Marcus Nilsson

Yes, it's plant flesh that contains seeds. But hear me out.

Christopher Michel
November 28, 2018

The other day my 8-year-old daughter came home from second grade, flush with the joy of new knowledge: The tomato is actually a fruit!

How did she know this? Simple: It has seeds. Foods that have seeds are fruit. Ipso facto, tomato = fruit.

This kind of definition-by-reduction is, of course, the source of many great faux-fights on the internet (A hot dog is a sandwich! Cereal is soup! Cheesecake is pie! A corndog is... a popsicle? Seals are dog mermaids.)  

But is a tomato a fruit? And for that matter, what about cucumbers, eggplants, olives, and pumpkins? Oh my God, is everything but celery basically just fruit? No, of course not. If you order a bowl of fruit salad at a restaurant and any of those appeared in the dish, you'd be (rightfully) upset.

It turns out this argument is much older than the internet. Back in 1887, the U.S. decided to impose tariffs on imported vegetables—but not on imported fruits. So a tomato importer named John Nix sued, arguing that he was importing fruit. This argument made its way to the Supreme Court, which ultimately decided in 1893 that a tomato was, yes, a vegetable—and Nix had to pay his taxes.

The basis of their decision? It hinges on two different sets of people both using the word "fruit" in similar, but slightly different ways.

To a botanist in the field, a fruit is the part of a plant that deals with reproduction—the seeds and flesh around those seeds. (Let's not get into the confusion of berries or drupes for goodness sake.) But bean pods, for instance, are botanically a fruit.

And botanically speaking, a "vegetable" of course means... well, nothing at all. It doesn't describe any one part of a plant. It's a word that pretty much only has meaning in the kitchen.

In the kitchen, of course, a vegetable is any (generally savory) edible part of a plant—sometimes the leaves, sometimes the root, or the stalk. And a fruit is any (generally sweet) dessert-like edible part of a plant: Apples, strawberries, peaches, and watermelon all fit the bill.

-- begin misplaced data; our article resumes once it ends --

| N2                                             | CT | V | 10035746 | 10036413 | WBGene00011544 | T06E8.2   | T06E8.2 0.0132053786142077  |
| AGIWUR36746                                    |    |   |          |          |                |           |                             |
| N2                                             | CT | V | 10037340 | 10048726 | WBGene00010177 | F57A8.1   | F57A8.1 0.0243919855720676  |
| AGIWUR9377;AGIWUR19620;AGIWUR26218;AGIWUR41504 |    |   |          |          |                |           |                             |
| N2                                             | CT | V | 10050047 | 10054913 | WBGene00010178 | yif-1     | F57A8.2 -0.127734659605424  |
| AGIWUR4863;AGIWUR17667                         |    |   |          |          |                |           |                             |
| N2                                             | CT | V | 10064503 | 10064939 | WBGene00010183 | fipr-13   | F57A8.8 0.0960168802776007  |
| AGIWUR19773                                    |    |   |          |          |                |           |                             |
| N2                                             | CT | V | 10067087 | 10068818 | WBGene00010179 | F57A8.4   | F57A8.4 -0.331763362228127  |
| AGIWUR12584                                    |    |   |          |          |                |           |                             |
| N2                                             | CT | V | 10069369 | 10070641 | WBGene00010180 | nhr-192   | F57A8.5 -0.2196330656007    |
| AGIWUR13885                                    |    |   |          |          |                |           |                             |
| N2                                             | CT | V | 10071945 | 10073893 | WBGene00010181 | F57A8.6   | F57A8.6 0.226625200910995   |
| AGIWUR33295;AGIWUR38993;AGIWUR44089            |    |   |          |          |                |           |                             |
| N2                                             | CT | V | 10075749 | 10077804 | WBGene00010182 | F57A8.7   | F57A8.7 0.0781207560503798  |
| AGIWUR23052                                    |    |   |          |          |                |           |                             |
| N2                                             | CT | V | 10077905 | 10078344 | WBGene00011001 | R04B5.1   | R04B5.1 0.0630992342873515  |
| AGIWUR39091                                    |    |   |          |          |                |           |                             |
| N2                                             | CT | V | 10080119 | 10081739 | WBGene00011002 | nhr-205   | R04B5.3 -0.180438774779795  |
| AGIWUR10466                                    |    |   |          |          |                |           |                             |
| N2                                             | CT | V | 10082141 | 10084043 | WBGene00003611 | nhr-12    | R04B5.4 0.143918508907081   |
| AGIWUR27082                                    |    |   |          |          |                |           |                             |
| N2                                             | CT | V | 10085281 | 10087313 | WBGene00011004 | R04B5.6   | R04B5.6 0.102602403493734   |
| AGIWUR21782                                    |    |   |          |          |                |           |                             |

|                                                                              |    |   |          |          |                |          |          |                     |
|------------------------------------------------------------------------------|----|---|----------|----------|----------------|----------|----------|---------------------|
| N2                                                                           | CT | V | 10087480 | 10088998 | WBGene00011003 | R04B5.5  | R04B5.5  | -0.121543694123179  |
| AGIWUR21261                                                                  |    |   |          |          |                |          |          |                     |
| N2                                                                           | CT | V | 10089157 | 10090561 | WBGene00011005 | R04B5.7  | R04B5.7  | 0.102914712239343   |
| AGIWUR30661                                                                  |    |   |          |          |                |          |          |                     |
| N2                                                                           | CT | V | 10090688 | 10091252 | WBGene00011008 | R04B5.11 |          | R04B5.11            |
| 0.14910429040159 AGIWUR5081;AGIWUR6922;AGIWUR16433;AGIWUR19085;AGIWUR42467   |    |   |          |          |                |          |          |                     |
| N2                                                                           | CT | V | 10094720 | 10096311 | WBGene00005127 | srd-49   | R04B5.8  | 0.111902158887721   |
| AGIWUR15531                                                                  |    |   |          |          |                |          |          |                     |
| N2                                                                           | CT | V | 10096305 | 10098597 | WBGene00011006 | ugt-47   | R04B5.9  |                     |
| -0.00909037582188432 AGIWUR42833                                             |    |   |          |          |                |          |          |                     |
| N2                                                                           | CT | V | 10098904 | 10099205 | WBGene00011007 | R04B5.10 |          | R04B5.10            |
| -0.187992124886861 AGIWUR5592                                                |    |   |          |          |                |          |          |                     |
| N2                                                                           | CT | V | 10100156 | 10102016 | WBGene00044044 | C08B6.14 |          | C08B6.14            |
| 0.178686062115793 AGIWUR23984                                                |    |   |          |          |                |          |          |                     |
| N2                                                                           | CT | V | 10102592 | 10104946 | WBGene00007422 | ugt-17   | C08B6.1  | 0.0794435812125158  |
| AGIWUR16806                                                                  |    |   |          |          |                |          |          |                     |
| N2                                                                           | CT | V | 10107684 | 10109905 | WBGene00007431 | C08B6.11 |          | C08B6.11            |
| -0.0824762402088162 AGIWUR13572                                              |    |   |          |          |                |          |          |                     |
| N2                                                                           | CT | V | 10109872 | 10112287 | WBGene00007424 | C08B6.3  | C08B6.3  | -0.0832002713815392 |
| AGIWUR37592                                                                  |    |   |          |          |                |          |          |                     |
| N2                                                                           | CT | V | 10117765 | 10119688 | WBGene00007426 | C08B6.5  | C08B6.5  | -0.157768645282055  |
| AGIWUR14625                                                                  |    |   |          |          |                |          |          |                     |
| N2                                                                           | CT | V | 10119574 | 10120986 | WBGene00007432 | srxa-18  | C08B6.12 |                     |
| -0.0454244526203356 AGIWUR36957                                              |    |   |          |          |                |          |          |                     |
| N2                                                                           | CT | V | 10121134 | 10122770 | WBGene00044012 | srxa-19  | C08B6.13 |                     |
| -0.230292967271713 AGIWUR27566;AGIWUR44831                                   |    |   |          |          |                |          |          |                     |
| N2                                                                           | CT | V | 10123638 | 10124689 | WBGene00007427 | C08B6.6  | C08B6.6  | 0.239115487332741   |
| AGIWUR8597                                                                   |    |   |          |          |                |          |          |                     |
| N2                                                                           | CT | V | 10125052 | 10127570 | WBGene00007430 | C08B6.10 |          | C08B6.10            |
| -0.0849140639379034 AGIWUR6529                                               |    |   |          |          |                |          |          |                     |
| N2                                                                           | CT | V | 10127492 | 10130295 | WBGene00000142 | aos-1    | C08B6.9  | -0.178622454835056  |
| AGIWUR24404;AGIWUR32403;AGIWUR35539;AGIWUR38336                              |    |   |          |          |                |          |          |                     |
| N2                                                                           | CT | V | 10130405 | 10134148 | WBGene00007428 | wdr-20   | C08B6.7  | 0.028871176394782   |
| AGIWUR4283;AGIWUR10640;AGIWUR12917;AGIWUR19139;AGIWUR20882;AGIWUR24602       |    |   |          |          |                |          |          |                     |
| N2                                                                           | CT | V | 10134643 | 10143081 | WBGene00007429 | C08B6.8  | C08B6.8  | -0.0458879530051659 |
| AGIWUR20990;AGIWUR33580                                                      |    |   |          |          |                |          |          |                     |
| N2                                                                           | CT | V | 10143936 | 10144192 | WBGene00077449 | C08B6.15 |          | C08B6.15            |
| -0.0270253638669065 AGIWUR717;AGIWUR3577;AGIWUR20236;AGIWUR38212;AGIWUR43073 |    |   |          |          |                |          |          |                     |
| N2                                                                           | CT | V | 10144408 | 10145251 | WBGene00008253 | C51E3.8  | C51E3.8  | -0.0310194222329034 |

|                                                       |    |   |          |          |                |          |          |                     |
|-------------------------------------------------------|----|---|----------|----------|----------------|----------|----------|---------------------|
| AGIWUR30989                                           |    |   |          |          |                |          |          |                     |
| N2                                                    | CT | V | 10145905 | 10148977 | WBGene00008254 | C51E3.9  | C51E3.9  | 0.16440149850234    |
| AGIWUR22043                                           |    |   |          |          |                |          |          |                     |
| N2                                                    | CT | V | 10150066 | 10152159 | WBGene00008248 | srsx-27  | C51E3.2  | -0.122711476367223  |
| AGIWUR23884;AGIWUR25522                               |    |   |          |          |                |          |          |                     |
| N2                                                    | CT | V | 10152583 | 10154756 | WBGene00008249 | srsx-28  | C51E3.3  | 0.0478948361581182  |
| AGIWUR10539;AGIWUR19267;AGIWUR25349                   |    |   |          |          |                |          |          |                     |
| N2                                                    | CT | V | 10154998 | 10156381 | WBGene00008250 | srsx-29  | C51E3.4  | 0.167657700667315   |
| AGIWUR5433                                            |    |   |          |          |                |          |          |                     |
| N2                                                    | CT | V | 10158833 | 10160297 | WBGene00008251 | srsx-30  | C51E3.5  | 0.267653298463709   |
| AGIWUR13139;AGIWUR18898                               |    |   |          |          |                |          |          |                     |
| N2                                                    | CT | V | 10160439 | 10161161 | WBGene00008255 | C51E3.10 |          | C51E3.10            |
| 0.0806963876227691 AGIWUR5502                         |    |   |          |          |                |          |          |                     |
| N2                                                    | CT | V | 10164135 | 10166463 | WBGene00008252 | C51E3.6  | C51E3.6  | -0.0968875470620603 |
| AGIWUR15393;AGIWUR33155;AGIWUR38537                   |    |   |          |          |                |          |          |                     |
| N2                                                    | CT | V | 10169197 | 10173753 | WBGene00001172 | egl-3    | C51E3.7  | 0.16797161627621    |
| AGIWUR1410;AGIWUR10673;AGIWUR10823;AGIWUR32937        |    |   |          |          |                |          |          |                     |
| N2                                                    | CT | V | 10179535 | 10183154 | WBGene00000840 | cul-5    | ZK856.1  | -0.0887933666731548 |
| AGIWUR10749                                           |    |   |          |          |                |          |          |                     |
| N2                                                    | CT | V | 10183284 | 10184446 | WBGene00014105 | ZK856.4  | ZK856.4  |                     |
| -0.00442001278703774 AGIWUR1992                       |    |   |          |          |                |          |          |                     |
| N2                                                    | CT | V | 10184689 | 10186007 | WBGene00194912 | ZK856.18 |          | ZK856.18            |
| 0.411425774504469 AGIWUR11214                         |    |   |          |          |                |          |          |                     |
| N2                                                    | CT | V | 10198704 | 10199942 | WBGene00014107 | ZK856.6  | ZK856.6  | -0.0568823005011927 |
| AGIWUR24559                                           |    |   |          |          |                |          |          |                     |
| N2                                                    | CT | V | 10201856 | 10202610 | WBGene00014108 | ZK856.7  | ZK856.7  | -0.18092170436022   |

Yes, most of those are also botanically fruit, but not all of them. Figs, for instance, are culinary fruits, but botanically speaking, they're more like flowers. Thus, the Supreme Court said: "As an article of food on our tables, whether baked or boiled, or forming the basis of soup, [tomatoes] are used as a vegetable...."  And yet, despite that ruling, the argument continues.

So why does confusion persist? Why is this, more than 100 years later, still an ongoing argument?

I think there are a couple reasons. One is that we humans are just so delighted by the idea of secret knowledge—of being "in" on an idea that seems counterintuitive, that we reflexively grab onto it, and then happily bring it out to share with our parents (or to post online) in order to show a bit of intellectual astuteness.

We like the idea that while everyone else goes about their daily lives blithely making BLTs with what they assume is a vegetable, those of us in the know realize we're all actually putting fruit all over our sandwiches. (Ha ha! Weird!)

In this way, I suppose, I'm doing the same thing. (Ha ha, you tomato-fruit thinkers! Let me drop some knowledge about botany and the Supreme Court! It's counter-counterintuitive!) But there's another reason we like to argue over stuff like this, especially online: It's an easy, low-risk fight.

The internet is a difficult place for making the kind of connections that lead to mind-changing insights. There's a lot of distraction, a lot of noise, and it's hard to engage with other people in a deep or earnest way.

But it's an easy place to have arguments. People "battle" constantly across Twitter threads, Reddit message boards, and Facebook comments over an endless variety of subjects—to say nothing of the vast number of opinion pieces on websites large and small. It can be enjoyable to see someone you agree with saying something witty or cutting—but when the stakes are high, seeing arguments play out can also be scary, or upsetting.

However, with nonsense arguments (about food definitions, for instance), we all get to take a side and then play out our arguments, knowing there's nothing more at risk than what you're going to call a food that's decidedly delicious and nutritious. It's all of the fun, with none of the fear. And in that case, if you want to call a tomato a fruit, go ahead: Come at me. I can take it. It'll be fun.